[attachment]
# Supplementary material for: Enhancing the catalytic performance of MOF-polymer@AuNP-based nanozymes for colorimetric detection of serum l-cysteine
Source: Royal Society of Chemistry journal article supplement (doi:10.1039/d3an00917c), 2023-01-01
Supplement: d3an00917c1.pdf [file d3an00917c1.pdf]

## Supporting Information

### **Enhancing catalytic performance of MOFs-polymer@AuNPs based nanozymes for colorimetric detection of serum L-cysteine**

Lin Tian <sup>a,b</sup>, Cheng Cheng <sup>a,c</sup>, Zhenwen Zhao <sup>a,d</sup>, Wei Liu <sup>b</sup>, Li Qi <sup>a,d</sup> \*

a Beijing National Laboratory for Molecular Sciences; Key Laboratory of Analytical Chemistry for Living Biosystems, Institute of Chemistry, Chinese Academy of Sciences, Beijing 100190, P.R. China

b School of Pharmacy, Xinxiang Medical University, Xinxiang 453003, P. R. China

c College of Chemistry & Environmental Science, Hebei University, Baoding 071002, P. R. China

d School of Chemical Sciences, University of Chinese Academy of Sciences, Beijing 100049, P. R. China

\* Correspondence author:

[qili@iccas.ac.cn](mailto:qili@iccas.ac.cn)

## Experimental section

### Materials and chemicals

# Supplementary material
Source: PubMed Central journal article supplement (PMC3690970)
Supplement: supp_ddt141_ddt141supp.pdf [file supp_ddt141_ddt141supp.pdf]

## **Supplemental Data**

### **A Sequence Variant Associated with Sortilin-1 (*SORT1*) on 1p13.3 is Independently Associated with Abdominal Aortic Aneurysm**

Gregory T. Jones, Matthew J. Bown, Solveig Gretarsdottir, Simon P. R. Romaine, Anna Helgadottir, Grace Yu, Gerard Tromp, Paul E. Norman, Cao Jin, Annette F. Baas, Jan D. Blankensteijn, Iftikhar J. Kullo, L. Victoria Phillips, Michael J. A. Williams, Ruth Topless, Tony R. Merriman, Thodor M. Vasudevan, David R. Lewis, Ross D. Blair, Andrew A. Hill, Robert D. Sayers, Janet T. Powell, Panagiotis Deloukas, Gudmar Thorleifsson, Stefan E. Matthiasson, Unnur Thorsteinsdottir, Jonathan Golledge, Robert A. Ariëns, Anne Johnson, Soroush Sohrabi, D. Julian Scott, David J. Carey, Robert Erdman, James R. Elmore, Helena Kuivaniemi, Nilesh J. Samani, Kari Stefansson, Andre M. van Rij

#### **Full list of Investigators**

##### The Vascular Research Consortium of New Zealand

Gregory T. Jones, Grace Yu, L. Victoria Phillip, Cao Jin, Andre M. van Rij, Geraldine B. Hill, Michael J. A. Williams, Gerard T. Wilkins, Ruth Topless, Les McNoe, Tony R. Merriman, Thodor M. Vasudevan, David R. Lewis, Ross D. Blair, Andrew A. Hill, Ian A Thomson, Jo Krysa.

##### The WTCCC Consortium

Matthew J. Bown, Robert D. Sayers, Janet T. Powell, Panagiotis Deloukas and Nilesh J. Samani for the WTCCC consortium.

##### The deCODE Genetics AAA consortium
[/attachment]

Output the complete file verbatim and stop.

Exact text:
# Supplementary material for: Enhancing the catalytic performance of MOF-polymer@AuNP-based nanozymes for colorimetric detection of serum l-cysteine
Source: Royal Society of Chemistry journal article supplement (doi:10.1039/d3an00917c), 2023-01-01
Supplement: d3an00917c1.pdf [file d3an00917c1.pdf]

## Supporting Information

### **Enhancing catalytic performance of MOFs-polymer@AuNPs based nanozymes for colorimetric detection of serum L-cysteine**

Lin Tian <sup>a,b</sup>, Cheng Cheng <sup>a,c</sup>, Zhenwen Zhao <sup>a,d</sup>, Wei Liu <sup>b</sup>, Li Qi <sup>a,d</sup> \*

a Beijing National Laboratory for Molecular Sciences; Key Laboratory of Analytical Chemistry for Living Biosystems, Institute of Chemistry, Chinese Academy of Sciences, Beijing 100190, P.R. China

b School of Pharmacy, Xinxiang Medical University, Xinxiang 453003, P. R. China

c College of Chemistry & Environmental Science, Hebei University, Baoding 071002, P. R. China

d School of Chemical Sciences, University of Chinese Academy of Sciences, Beijing 100049, P. R. China

\* Correspondence author:

[qili@iccas.ac.cn](mailto:qili@iccas.ac.cn)

## Experimental section

### Materials and chemicals

# Supplementary material
Source: PubMed Central journal article supplement (PMC3690970)
Supplement: supp_ddt141_ddt141supp.pdf [file supp_ddt141_ddt141supp.pdf]

## **Supplemental Data**

### **A Sequence Variant Associated with Sortilin-1 (*SORT1*) on 1p13.3 is Independently Associated with Abdominal Aortic Aneurysm**

Gregory T. Jones, Matthew J. Bown, Solveig Gretarsdottir, Simon P. R. Romaine, Anna Helgadottir, Grace Yu, Gerard Tromp, Paul E. Norman, Cao Jin, Annette F. Baas, Jan D. Blankensteijn, Iftikhar J. Kullo, L. Victoria Phillips, Michael J. A. Williams, Ruth Topless, Tony R. Merriman, Thodor M. Vasudevan, David R. Lewis, Ross D. Blair, Andrew A. Hill, Robert D. Sayers, Janet T. Powell, Panagiotis Deloukas, Gudmar Thorleifsson, Stefan E. Matthiasson, Unnur Thorsteinsdottir, Jonathan Golledge, Robert A. Ariëns, Anne Johnson, Soroush Sohrabi, D. Julian Scott, David J. Carey, Robert Erdman, James R. Elmore, Helena Kuivaniemi, Nilesh J. Samani, Kari Stefansson, Andre M. van Rij

#### **Full list of Investigators**

##### The Vascular Research Consortium of New Zealand

Gregory T. Jones, Grace Yu, L. Victoria Phillip, Cao Jin, Andre M. van Rij, Geraldine B. Hill, Michael J. A. Williams, Gerard T. Wilkins, Ruth Topless, Les McNoe, Tony R. Merriman, Thodor M. Vasudevan, David R. Lewis, Ross D. Blair, Andrew A. Hill, Ian A Thomson, Jo Krysa.

##### The WTCCC Consortium

Matthew J. Bown, Robert D. Sayers, Janet T. Powell, Panagiotis Deloukas and Nilesh J. Samani for the WTCCC consortium.

##### The deCODE Genetics AAA consortium